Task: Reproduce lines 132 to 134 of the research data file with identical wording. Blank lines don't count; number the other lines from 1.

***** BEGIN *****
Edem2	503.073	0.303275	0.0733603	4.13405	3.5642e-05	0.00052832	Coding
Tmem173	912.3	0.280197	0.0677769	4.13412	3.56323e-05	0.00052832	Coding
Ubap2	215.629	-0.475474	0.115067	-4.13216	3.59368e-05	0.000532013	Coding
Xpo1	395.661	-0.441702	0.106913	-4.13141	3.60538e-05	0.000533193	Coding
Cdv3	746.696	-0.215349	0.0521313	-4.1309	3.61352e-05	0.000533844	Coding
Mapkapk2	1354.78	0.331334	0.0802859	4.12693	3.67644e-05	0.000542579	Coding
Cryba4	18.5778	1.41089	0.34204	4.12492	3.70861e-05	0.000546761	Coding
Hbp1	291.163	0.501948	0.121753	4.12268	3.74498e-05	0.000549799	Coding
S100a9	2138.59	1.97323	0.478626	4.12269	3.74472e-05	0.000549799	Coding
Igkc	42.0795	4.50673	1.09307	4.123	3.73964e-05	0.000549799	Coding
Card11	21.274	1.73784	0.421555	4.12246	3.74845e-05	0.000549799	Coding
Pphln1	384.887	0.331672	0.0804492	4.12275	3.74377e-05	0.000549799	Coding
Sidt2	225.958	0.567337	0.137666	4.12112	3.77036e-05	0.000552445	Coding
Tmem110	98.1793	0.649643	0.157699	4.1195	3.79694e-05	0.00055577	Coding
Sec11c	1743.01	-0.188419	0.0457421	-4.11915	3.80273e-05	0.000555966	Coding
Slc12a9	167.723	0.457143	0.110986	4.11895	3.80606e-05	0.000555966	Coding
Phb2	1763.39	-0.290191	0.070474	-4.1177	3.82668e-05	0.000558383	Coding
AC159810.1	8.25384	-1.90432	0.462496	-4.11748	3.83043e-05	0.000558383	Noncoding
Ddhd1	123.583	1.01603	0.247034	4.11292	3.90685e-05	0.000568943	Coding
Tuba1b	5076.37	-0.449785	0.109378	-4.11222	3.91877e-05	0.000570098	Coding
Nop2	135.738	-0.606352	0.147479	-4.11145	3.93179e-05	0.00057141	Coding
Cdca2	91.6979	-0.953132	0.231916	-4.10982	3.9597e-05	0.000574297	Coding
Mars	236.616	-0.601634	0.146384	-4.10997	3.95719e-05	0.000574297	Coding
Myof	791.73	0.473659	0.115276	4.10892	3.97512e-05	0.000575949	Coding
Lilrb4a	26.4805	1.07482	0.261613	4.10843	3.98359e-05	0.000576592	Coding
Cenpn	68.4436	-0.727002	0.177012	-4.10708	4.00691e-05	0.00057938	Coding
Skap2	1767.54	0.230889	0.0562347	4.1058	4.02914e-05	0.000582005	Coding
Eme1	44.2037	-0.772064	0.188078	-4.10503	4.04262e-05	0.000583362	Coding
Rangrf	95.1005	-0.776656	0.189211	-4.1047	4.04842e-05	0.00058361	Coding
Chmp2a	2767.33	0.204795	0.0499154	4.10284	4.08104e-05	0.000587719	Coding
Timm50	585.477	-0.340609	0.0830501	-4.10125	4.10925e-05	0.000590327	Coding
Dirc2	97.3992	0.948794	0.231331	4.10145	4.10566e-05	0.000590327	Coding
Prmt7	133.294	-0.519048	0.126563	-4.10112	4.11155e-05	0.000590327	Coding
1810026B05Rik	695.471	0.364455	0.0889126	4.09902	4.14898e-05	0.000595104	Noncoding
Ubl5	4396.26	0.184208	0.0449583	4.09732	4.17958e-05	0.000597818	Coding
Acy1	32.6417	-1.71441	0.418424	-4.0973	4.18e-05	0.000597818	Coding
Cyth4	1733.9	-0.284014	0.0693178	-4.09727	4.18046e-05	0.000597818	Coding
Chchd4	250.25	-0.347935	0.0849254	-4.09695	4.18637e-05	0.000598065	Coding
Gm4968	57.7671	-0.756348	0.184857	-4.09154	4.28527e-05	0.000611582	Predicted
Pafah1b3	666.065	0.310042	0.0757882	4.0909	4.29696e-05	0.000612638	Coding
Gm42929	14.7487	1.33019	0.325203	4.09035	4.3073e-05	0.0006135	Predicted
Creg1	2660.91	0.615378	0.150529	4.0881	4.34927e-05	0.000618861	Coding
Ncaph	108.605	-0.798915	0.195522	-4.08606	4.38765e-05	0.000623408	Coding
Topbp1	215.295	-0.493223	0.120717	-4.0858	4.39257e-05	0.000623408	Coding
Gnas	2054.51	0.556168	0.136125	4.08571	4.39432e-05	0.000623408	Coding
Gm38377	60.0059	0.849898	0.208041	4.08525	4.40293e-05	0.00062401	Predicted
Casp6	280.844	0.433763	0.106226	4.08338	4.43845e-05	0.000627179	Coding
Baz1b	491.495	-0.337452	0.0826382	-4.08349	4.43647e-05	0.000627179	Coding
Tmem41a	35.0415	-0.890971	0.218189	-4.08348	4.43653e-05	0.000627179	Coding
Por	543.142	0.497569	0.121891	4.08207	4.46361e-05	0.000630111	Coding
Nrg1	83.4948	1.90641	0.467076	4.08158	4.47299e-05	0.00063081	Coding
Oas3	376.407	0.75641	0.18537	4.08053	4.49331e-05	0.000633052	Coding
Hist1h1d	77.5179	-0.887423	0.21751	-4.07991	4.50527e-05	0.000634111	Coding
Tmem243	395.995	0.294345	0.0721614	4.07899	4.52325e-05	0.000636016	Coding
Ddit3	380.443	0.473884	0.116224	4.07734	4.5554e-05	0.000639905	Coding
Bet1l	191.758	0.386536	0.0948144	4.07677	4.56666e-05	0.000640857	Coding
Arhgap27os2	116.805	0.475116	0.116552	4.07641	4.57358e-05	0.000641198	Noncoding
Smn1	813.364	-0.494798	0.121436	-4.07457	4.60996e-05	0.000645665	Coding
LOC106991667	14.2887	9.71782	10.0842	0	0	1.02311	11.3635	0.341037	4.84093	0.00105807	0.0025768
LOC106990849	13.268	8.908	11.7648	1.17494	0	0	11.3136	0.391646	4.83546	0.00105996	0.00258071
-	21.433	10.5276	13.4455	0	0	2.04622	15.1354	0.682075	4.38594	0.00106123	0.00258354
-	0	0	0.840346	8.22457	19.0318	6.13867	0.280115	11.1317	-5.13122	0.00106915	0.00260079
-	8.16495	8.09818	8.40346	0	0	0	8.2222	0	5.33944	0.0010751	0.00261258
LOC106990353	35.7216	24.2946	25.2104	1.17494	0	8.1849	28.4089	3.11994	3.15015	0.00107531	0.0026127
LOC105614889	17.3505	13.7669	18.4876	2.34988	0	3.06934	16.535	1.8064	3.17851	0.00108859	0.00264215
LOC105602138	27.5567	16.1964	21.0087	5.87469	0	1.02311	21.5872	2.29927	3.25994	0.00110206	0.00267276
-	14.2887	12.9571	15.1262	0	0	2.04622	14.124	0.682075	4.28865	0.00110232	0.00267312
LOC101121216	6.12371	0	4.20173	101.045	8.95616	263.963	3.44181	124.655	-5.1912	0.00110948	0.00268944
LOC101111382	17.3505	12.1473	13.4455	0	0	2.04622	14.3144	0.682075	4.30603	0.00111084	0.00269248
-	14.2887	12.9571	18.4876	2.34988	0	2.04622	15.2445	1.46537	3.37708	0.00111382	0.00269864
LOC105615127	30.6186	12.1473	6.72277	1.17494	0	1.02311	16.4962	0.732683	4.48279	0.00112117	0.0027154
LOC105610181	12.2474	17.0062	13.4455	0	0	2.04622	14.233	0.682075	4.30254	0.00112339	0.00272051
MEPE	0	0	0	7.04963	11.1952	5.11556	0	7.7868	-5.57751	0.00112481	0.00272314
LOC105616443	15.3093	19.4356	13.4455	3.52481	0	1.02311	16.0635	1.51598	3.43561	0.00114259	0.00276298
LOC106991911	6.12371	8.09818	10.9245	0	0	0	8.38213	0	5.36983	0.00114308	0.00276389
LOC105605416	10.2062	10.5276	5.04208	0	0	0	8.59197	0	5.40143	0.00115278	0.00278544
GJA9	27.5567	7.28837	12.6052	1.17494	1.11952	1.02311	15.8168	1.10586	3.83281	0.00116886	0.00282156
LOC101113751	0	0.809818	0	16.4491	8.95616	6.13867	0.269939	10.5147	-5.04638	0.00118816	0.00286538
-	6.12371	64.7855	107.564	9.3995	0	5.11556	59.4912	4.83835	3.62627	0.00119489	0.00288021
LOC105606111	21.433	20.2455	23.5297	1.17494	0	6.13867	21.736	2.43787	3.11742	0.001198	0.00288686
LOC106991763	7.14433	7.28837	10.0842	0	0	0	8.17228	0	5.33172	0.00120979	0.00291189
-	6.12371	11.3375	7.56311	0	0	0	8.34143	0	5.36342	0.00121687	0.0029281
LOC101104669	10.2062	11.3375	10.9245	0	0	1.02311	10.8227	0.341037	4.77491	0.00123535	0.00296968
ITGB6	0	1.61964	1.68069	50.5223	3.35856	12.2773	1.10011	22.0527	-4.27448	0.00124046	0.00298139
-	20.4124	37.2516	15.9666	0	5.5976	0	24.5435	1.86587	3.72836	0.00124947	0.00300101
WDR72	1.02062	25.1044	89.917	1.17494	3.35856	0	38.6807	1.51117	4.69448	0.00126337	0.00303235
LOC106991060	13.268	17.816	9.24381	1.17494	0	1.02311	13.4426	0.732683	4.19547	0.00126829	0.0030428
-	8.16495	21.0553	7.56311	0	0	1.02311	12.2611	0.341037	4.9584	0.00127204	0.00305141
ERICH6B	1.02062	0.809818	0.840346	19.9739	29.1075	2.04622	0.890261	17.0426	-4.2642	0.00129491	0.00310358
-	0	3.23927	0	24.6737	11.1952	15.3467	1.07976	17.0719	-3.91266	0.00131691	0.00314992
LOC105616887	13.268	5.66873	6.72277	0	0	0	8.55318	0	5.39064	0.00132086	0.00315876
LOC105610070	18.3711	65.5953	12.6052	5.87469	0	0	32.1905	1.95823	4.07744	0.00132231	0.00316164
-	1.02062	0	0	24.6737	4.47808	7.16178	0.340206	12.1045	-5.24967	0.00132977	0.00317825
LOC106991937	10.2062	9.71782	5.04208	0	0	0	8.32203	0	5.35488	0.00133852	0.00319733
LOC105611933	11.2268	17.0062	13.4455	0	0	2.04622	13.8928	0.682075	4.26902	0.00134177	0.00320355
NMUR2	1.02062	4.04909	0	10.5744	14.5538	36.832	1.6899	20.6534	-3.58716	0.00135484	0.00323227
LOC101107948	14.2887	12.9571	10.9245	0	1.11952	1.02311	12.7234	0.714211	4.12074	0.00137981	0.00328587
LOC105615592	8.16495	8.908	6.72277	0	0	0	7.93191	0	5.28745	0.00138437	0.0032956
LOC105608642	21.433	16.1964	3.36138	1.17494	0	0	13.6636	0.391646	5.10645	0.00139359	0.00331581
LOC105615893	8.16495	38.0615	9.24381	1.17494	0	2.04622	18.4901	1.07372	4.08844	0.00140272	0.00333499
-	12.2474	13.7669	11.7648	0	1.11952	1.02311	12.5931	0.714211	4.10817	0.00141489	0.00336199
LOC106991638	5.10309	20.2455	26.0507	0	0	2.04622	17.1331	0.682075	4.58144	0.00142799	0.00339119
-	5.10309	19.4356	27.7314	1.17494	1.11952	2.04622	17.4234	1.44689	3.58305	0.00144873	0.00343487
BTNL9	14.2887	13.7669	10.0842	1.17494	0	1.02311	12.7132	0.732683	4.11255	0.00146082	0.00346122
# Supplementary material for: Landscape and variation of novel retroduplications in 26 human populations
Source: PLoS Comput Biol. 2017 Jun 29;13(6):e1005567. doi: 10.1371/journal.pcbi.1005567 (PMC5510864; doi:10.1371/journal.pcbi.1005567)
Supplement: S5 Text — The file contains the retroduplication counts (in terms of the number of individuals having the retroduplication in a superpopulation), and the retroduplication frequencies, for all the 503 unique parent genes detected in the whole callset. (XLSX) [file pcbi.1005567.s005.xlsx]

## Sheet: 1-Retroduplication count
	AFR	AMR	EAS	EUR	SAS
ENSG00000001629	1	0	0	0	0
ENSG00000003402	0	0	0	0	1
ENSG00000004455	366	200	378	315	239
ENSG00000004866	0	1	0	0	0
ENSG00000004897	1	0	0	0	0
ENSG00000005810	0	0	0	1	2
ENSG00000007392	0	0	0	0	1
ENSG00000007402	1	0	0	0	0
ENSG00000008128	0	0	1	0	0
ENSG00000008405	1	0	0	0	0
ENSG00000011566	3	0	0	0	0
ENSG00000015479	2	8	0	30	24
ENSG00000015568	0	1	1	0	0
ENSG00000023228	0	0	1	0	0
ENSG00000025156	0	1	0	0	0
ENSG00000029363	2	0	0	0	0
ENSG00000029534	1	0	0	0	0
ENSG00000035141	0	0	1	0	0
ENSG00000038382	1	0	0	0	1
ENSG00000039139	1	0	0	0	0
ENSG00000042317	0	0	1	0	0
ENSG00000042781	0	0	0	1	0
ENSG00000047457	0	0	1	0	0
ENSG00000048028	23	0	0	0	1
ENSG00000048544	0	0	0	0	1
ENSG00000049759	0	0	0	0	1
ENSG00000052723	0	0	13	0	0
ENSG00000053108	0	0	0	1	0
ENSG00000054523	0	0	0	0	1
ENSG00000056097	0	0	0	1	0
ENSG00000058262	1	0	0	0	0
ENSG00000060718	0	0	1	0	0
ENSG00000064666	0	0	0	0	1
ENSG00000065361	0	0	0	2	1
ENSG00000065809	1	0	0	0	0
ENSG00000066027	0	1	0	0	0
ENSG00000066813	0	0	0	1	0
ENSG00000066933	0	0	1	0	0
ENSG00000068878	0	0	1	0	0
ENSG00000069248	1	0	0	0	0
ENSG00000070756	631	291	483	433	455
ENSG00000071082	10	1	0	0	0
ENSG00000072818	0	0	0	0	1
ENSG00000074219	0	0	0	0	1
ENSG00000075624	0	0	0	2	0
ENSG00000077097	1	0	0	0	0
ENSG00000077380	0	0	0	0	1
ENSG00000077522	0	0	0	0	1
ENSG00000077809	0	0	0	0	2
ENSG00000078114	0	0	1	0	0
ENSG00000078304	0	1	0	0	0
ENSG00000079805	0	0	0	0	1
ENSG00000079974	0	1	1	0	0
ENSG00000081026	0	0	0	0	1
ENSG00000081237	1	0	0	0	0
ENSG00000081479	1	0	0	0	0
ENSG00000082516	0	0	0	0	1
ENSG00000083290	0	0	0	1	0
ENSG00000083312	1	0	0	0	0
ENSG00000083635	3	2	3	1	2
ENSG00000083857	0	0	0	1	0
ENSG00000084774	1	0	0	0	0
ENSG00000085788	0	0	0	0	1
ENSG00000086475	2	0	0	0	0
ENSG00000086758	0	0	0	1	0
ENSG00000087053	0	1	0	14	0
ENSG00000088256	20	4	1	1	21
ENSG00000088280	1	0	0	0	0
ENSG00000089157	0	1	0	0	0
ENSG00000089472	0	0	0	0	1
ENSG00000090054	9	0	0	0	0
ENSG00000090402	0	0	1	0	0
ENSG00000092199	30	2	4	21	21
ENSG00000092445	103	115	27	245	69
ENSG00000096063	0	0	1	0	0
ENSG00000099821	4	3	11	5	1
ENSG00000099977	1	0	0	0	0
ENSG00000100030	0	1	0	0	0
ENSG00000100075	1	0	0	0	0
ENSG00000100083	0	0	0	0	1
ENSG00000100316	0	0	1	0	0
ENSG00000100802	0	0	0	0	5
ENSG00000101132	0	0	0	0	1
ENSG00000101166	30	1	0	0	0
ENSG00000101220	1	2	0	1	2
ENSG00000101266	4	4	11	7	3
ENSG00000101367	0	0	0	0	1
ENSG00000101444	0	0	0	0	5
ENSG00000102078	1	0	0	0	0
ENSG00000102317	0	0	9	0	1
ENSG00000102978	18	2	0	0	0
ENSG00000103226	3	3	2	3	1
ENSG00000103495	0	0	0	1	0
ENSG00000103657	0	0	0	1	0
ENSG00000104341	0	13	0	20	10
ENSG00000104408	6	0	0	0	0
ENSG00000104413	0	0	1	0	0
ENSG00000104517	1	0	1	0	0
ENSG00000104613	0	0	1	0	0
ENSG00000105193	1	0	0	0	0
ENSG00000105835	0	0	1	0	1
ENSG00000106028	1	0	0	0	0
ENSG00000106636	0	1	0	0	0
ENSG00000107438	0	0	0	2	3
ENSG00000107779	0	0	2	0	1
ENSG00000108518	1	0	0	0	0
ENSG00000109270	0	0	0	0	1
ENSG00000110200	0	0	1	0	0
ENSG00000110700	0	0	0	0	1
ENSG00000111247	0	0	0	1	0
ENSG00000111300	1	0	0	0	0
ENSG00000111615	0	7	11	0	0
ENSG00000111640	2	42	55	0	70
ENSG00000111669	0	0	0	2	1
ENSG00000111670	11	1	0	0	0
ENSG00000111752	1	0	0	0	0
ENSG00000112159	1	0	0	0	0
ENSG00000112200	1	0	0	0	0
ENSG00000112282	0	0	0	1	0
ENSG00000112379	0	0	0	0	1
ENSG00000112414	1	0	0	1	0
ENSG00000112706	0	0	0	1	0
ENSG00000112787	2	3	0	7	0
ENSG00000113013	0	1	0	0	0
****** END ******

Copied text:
ENSG00000047457	0	0	1	0	0
ENSG00000048028	23	0	0	0	1
ENSG00000048544	0	0	0	0	1